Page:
Dr Faustus The Play –Scene 13 • Faustus is now presented to us as a man who cannot repent. the seat of God.45 - . In desperation he calls out that the devil ‘Stays my tongue’. the man who believed he had gained super-human powers and who is now reduced to cowering and moaning as he contemplates eternal alienation from God. he struggles and suffers. TASK 38 Re-read lines 59-89 and make notes on the emotions and sufferings of Faustus in these last moments before his final damnation. which find expression in the illusion of the devil coming to fetch him. Sweet friends. ah.’ Here we have then the terrible irony of the man who arrogantly dismissed Mephastophilis when he described the sufferings of hell. but feels bound by the devil. the throne of the blessed. ‘I would lift up my hands. they hold them.uk . he cannot pray. continues over www. hell forever. they hold them. what shall become of Faustus. Look carefully at the language and consider Faustus as you see him now in relation to the way he was presented at the outset of the play. the kingdom of joy and must remain in hell for ever . being in hell forever?’ Marlowe presents us with a pathetic character whose mind is torn with fear and anxiety.hell.wessexpublications. Thus. we are asked to look on this character and consider his sin and we have to recognise that Faustus’s sin is not that of malicious action. but see.co. but it lies in the vacillations of his will and intellect. There is a terrible tragedy in Faustus’s realisation of what he has lost as he says ‘both Germany and the world – yea heaven itself – heaven.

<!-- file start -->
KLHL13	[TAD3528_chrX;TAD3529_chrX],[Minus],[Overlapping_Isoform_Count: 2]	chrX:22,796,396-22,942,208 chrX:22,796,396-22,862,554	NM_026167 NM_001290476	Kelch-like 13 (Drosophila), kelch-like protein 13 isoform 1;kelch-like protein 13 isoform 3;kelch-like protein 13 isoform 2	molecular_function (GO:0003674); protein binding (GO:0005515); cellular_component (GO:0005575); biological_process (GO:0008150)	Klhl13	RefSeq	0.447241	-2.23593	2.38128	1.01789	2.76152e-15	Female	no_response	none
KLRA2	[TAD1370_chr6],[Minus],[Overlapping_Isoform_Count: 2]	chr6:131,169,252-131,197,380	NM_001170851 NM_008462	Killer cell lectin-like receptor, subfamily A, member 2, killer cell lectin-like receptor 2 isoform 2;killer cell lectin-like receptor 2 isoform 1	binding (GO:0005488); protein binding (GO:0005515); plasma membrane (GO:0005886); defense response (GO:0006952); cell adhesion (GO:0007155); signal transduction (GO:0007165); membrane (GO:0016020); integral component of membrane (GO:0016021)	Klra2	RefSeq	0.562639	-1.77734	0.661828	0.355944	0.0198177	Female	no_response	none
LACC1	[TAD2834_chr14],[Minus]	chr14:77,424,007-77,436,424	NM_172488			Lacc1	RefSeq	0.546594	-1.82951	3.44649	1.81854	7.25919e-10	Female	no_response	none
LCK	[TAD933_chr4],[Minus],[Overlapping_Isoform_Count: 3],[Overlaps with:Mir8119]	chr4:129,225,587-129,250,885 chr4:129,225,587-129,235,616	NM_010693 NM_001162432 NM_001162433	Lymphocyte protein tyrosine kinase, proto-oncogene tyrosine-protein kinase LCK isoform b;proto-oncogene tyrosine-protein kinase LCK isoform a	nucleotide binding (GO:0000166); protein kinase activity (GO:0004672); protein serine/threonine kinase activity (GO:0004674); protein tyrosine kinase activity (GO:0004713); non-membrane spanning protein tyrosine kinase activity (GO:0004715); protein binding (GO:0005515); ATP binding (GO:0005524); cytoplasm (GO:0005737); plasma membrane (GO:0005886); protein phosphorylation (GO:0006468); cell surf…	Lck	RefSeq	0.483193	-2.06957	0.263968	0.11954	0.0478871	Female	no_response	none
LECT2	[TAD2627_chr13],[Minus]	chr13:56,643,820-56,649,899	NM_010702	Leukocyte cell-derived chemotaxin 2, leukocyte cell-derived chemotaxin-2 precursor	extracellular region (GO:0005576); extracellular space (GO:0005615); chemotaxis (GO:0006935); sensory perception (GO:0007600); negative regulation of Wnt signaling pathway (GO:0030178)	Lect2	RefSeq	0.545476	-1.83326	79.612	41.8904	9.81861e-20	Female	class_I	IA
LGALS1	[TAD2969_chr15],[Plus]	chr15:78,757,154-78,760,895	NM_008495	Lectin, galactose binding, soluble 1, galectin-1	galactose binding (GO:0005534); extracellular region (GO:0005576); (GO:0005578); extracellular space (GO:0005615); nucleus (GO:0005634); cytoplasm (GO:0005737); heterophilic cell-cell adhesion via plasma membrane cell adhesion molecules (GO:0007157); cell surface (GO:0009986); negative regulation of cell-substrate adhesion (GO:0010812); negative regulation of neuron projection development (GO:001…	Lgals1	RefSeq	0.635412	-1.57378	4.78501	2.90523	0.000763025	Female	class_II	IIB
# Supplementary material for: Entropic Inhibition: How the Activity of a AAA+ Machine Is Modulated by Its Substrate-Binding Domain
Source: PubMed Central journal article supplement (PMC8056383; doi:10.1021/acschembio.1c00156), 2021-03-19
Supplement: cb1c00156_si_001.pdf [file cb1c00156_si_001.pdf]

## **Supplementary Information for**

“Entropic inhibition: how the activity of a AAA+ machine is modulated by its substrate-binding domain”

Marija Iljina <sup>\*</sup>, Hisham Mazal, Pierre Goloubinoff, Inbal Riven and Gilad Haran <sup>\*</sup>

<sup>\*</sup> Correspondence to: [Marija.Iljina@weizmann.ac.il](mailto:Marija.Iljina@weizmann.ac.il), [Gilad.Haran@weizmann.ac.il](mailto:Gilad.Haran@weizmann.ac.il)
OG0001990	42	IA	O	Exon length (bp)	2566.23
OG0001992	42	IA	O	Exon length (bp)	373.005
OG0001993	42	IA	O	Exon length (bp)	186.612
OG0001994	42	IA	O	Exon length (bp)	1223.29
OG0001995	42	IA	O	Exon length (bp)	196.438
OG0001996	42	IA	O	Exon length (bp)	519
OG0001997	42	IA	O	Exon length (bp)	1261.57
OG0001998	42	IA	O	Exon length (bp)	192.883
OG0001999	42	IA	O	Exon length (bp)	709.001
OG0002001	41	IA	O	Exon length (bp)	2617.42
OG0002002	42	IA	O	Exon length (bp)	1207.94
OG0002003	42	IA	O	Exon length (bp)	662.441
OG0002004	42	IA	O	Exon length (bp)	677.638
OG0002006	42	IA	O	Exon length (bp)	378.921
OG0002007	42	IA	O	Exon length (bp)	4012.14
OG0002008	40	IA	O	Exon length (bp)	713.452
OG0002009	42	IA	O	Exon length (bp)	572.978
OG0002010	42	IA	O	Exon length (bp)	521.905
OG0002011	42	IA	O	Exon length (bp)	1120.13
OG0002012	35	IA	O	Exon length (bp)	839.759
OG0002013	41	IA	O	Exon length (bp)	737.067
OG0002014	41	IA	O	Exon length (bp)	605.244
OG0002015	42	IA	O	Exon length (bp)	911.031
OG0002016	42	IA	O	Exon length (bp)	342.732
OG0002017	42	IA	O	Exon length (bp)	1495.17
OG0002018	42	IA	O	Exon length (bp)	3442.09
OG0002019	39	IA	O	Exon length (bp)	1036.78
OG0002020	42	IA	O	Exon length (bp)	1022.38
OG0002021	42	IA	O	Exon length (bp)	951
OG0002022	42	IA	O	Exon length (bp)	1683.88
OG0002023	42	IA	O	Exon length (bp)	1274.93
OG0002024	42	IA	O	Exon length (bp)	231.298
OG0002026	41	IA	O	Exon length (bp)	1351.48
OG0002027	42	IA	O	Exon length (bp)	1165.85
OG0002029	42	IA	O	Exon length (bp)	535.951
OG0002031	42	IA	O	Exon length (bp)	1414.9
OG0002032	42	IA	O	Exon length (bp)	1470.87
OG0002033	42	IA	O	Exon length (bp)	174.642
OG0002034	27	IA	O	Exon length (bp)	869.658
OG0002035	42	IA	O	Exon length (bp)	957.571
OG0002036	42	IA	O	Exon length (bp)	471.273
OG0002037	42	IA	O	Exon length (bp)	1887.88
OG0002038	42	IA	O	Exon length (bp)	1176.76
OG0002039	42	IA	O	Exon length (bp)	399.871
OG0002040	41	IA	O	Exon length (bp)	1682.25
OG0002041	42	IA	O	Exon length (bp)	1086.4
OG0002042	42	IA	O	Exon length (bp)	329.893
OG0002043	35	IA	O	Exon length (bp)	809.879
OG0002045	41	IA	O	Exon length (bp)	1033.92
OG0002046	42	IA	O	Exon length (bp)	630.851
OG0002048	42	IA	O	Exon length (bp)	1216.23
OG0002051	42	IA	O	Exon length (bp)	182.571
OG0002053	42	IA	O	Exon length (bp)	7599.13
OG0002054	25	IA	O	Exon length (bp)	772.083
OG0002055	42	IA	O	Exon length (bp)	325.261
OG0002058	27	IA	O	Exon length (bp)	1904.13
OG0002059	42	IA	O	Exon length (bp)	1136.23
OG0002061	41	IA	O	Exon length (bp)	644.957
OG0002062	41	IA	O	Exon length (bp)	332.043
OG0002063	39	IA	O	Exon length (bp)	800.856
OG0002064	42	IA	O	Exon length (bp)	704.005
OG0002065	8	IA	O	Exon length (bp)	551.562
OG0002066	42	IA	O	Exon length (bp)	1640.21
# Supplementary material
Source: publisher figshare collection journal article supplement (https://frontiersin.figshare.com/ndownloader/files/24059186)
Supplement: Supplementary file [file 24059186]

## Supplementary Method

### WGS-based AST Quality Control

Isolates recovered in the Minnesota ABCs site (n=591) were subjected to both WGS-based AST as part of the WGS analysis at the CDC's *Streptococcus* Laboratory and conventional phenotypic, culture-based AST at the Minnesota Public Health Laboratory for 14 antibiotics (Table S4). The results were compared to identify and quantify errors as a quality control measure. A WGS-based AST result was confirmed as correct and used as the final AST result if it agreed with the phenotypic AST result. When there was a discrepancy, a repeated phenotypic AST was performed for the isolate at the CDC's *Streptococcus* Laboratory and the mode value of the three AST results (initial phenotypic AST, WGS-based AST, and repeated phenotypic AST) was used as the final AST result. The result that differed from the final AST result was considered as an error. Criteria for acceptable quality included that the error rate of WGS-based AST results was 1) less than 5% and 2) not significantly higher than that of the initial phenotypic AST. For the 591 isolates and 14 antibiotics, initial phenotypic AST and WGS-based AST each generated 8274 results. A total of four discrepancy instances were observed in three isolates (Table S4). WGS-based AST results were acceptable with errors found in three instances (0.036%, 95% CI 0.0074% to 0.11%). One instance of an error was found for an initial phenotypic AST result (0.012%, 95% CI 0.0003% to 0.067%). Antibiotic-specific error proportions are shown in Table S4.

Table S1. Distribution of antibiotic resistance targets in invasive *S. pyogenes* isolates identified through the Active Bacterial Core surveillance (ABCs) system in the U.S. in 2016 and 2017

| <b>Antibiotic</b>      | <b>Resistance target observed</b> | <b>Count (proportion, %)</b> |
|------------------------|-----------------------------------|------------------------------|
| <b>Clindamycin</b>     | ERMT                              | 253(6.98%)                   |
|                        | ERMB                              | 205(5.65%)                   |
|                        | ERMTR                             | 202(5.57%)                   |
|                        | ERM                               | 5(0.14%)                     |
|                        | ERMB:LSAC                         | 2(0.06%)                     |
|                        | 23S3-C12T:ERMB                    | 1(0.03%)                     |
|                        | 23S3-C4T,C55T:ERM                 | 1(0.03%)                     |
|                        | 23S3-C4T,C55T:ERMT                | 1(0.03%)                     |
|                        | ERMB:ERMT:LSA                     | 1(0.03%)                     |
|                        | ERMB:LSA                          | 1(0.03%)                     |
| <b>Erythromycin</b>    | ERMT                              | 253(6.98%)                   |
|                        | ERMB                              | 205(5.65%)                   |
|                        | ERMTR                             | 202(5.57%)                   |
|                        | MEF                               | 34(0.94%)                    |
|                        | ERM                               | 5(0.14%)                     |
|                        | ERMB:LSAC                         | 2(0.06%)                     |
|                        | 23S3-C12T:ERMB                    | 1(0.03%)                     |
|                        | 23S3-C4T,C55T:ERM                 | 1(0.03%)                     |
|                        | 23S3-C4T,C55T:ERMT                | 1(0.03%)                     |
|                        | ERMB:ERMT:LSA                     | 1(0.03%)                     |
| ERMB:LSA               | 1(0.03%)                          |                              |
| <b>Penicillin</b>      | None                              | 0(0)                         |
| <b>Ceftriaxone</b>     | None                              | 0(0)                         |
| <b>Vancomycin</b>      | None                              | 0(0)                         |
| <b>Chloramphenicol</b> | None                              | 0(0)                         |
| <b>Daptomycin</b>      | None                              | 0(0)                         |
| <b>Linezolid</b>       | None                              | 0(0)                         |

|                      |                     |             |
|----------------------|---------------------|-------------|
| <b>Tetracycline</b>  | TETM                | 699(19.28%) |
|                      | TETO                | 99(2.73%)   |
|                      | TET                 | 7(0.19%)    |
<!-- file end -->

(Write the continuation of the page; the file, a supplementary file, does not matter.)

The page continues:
battling against time.co. another of Marlowe’s characters.uk . like Edward II. You see him now in his final agony once again alone in his study after twenty-four years of conceit and illusive power. His futile struggle . limit and determine man’s life and actions.wessexpublications. In the opening lines we hear Faustus.46 - • www. The twenty-four years of life can be linked to the twenty-four hours of the day in that both order. proud and full of ambition. He was a man who deliberately chose the devil and continually rejected both fact and reality.Dr Faustus The Play –Scene 13 • If you recall Faustus at the beginning of the play you will remember a man who was arrogant. What you now see before us is a man limited by time and his own mortality.